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Iran minister apologizes for comment on 'dirty money' in politics

After coming under criticism, Iran's interior minister apologizes before an open session of parliament over "misunderstandings" about comments he made regarding dirty money in politics.
EDITORS' NOTE: Reuters and other foreign media are subject to Iranian restrictions on their ability to film or take pictures in Tehran.
Lawmakers mingle after a parliament session in Tehran January 29, 2012. REUTERS/Raheb Homavandi  (IRAN - Tags: POLITICS) - RTR2X0Z7

When Interior Minister Abdolreza Rahmani Fazli said Feb. 21 that “dirty money” had entered Iranian politics, he was criticized by conservative parliament members and media. His speech to drug enforcement officials that "dirty money from smuggling of illegal drugs enters the political field” prompted a letter from 30 members of parliament accusing him of “undermining the healthiest and most transparent electoral system of the world.” Many demanded that he testify before an open session of parliament to explain his accusations.

On March 2, after unrelenting criticism, Fazli backtracked, saying he had said “if” dirty money enters politics, it could cause harm to the political system. But he added that he was not going to allow “politeness” to get in the way of what needed to be said.

However, on April 26, before an open session of parliament, Fazli said, “If there was a misunderstanding in the media over a poor reflection of my comments, I apologize.” The change in tone and content seemed so sudden that some conservative media have been gloating over it and some Reformist media feel betrayed.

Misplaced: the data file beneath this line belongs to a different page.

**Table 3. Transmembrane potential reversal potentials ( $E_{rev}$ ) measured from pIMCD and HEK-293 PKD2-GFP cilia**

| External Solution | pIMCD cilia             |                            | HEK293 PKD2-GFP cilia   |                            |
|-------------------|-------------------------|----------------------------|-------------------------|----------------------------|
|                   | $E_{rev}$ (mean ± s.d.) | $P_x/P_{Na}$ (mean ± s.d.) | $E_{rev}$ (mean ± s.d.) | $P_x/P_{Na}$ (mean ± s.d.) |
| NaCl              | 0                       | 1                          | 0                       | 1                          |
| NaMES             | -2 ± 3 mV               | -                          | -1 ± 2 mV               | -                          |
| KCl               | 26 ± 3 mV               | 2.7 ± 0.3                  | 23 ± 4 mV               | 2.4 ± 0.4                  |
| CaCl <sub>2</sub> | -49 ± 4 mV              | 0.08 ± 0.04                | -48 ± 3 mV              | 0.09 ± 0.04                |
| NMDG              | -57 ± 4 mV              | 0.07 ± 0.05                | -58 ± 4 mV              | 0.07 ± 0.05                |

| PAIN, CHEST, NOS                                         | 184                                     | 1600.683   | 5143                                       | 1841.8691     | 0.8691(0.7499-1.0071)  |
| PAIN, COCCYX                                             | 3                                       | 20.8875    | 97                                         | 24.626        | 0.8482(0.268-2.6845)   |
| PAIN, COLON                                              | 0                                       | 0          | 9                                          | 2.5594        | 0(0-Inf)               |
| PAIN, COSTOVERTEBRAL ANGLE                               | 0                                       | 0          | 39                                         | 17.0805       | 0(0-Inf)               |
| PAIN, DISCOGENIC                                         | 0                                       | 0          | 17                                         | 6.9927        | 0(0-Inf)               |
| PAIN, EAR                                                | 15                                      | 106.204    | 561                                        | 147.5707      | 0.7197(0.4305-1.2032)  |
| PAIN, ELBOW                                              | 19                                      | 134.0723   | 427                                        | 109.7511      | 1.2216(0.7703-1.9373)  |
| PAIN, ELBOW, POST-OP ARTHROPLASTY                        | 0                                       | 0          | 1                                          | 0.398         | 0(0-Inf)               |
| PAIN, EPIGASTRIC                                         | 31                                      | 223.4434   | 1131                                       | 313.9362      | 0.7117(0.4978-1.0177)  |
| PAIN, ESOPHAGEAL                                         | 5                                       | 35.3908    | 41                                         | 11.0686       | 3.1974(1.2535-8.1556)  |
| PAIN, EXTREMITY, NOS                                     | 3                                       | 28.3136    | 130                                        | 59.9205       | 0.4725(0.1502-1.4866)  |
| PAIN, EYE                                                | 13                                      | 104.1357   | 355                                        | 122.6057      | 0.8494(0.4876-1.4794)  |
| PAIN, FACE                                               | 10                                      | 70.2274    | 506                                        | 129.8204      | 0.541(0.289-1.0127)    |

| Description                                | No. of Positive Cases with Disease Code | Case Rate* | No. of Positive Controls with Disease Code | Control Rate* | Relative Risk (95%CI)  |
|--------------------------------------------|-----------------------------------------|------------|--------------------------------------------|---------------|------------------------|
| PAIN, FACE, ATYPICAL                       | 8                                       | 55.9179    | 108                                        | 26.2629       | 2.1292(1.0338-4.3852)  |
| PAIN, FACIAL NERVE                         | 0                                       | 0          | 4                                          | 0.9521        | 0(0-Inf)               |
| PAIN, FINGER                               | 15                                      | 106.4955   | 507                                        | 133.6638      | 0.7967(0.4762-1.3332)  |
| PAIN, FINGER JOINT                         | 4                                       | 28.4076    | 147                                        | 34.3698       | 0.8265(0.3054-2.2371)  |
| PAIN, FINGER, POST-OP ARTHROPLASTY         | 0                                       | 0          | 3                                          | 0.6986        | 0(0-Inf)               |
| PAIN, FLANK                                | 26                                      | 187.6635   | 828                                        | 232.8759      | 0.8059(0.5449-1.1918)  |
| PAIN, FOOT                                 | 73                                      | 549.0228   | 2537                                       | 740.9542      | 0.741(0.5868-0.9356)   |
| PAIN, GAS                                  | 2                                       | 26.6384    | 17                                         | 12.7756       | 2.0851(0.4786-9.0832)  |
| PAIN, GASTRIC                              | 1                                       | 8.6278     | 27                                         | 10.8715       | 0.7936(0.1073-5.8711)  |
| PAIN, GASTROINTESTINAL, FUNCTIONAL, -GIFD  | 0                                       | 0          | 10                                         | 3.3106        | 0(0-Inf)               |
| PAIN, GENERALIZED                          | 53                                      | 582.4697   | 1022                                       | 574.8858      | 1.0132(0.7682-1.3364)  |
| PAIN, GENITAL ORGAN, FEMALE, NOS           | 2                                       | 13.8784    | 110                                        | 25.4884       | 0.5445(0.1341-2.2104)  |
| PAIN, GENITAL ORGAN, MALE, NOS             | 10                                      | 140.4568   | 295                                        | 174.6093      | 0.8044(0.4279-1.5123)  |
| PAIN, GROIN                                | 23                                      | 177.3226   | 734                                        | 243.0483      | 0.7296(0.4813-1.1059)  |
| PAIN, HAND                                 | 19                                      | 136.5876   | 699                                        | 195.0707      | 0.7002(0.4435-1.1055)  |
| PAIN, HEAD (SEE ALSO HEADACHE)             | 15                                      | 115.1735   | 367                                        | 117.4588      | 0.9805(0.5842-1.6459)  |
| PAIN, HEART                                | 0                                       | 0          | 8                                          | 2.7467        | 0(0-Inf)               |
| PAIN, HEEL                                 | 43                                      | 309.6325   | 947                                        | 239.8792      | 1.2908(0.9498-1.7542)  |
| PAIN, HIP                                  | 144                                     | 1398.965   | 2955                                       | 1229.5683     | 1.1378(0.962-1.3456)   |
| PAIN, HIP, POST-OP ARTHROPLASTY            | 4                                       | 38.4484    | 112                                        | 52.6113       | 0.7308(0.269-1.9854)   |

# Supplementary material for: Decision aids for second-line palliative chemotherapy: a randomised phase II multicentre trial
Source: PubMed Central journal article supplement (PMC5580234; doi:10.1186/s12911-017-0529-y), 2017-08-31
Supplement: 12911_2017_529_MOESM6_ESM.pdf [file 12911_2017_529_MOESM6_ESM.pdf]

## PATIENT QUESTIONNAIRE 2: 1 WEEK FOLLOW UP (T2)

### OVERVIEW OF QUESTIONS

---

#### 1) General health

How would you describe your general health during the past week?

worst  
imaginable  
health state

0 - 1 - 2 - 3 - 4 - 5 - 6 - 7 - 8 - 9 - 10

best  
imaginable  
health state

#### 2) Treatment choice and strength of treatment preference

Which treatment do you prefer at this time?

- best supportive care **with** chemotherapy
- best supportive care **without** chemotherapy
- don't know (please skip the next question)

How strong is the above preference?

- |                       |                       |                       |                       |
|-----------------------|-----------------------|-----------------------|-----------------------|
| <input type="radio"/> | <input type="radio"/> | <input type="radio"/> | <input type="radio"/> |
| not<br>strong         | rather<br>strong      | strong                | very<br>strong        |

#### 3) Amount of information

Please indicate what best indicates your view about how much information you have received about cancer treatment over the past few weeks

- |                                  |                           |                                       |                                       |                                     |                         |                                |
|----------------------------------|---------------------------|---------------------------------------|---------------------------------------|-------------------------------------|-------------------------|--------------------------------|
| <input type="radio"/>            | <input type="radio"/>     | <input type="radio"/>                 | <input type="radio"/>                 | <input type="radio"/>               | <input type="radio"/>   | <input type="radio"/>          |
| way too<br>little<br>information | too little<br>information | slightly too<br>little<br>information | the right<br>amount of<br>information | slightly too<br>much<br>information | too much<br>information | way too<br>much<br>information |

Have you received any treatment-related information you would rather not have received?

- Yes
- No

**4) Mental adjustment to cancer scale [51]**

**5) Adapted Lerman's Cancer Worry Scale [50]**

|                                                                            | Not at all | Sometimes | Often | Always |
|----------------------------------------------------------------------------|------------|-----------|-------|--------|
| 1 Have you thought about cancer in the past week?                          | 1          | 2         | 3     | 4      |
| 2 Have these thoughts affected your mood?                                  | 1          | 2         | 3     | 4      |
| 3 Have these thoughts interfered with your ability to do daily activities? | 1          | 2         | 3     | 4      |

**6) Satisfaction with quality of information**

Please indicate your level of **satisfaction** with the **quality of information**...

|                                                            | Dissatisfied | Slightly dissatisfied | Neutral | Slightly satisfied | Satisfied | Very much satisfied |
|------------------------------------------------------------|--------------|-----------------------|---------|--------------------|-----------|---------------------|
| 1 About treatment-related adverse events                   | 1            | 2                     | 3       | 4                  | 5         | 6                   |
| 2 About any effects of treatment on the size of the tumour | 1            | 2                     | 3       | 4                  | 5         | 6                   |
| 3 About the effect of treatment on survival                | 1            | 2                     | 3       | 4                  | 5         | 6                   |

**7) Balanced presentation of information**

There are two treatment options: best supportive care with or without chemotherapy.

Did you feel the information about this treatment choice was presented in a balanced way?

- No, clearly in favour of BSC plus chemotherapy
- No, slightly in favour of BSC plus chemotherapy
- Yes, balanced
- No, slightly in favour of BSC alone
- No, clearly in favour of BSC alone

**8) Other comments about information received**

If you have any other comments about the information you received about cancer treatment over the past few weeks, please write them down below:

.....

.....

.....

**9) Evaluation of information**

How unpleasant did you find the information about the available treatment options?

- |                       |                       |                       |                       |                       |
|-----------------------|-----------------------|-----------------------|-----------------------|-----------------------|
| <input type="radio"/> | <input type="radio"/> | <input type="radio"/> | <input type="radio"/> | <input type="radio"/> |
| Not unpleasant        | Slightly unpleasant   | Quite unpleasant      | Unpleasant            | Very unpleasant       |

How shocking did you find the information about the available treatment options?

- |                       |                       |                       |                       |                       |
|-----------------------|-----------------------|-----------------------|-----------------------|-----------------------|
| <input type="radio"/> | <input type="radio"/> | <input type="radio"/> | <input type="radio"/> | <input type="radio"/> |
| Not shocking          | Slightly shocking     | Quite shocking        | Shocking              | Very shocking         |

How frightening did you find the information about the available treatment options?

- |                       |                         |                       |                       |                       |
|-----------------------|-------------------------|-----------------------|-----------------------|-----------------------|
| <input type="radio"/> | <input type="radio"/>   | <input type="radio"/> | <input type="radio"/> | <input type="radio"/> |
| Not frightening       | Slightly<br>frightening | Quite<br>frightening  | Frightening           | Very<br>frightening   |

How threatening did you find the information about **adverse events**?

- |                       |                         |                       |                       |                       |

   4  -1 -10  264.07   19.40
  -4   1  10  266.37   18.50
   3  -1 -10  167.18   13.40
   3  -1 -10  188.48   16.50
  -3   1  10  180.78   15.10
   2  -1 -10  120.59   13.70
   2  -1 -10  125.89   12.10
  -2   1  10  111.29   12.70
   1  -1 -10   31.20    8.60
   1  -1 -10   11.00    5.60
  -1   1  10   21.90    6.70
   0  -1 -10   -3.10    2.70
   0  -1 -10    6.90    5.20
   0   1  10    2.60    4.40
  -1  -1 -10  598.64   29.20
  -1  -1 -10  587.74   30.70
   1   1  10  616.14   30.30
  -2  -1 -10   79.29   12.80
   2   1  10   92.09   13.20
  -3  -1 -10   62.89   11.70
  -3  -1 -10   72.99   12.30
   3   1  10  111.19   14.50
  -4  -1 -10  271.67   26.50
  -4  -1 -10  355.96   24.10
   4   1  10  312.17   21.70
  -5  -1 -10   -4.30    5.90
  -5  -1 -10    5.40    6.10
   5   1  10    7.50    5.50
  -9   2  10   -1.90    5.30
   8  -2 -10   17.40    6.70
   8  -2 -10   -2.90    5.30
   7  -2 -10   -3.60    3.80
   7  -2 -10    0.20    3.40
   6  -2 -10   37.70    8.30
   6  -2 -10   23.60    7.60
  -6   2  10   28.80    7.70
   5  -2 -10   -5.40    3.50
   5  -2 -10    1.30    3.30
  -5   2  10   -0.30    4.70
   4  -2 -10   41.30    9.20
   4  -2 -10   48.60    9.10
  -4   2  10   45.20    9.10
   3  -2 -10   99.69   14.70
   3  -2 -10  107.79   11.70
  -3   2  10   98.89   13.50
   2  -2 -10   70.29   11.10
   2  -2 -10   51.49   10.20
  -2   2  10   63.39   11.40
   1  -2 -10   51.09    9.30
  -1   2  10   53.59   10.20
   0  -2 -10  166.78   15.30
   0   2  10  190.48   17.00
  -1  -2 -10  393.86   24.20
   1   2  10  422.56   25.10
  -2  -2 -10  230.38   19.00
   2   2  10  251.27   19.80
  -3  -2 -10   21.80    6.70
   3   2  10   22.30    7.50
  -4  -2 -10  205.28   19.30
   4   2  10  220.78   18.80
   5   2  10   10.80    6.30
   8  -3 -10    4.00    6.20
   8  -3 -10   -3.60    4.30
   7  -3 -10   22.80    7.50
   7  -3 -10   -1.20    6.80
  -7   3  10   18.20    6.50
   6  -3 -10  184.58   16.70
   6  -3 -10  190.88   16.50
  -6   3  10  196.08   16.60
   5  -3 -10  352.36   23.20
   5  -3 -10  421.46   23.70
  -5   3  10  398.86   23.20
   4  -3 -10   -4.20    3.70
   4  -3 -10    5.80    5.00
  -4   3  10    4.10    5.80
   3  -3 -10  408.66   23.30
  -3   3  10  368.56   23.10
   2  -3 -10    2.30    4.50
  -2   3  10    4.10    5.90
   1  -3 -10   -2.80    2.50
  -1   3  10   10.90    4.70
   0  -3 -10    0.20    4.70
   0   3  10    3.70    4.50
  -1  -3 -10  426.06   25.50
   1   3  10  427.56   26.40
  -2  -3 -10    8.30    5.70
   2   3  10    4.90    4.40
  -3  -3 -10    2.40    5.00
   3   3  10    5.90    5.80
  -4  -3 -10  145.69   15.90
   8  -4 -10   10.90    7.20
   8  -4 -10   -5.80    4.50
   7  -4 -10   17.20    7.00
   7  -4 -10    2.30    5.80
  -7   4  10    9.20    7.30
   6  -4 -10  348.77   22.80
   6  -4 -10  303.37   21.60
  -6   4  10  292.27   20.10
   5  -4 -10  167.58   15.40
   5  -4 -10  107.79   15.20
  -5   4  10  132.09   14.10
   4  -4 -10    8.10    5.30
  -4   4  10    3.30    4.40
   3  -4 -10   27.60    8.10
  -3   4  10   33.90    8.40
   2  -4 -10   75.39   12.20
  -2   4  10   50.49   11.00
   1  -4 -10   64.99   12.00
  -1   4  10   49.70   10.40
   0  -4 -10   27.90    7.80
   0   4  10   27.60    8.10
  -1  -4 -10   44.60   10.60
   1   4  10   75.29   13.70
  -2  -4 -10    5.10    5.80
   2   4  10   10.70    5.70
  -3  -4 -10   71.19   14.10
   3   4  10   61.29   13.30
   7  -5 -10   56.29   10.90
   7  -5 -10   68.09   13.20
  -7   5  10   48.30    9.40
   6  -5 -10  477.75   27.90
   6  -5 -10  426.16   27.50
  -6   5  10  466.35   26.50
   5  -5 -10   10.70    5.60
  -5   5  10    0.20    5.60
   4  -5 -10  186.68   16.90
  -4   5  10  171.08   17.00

Reformist Shargh Daily wrote that Fazli “presented a new story” during his speech. The article stated that “instead of apologizing to the media, he apologized to members of parliament.”

During his speech before parliament, Fazli said he had told reporters not to publish his original comments to drug enforcement officers about dirty money and accused them of publishing a “contradictory, biased and distorted” version of what he said.

Fars News wrote that after celebrating Fazli’s original statements about dirty money, Reformist newspapers “spun 180 degrees” after his latest testimony. The article compared the before-and-after front-page headlines of the Reformist papers in their coverage of Fazli. Shargh’s top story, mentioned above, was headlined “Open Retreat.” Aftab Yazd’s top story went with the sarcastic headline, “Dirty Money was found in the pockets of the media.” Ebtekar chose as its top headline, “Silence in an open session.”

Fars accused Reformist media of using Fazli’s original comments to taint the conservative parliament to gain an advantage in the 2016 parliamentary elections.

Ahmad Gholami, the editor of Shargh Daily, wrote an editorial in response to Fazli’s apology. “Even if we accept [Fazli’s] comments and apology in an open session, it raises a bigger problem,” Gholami wrote. He added, “Making statements without support or documents and then taking it back and apologizing for it, it undermines the minister and the place of the interior minister, which is one of the most important and political pillars of the administration.”

Fars wrote that when the traditional conservative Fazli was first introduced as interior minister, an important position that oversees elections, many Reformists were disappointed. They then criticized him immediately for not changing the governors of the provinces, which is one of the duties of the Interior Ministry.

It seems Fazli experienced a brief honeymoon with the Reformist media over his comments about dirty money. Now it seems he is back where he started.

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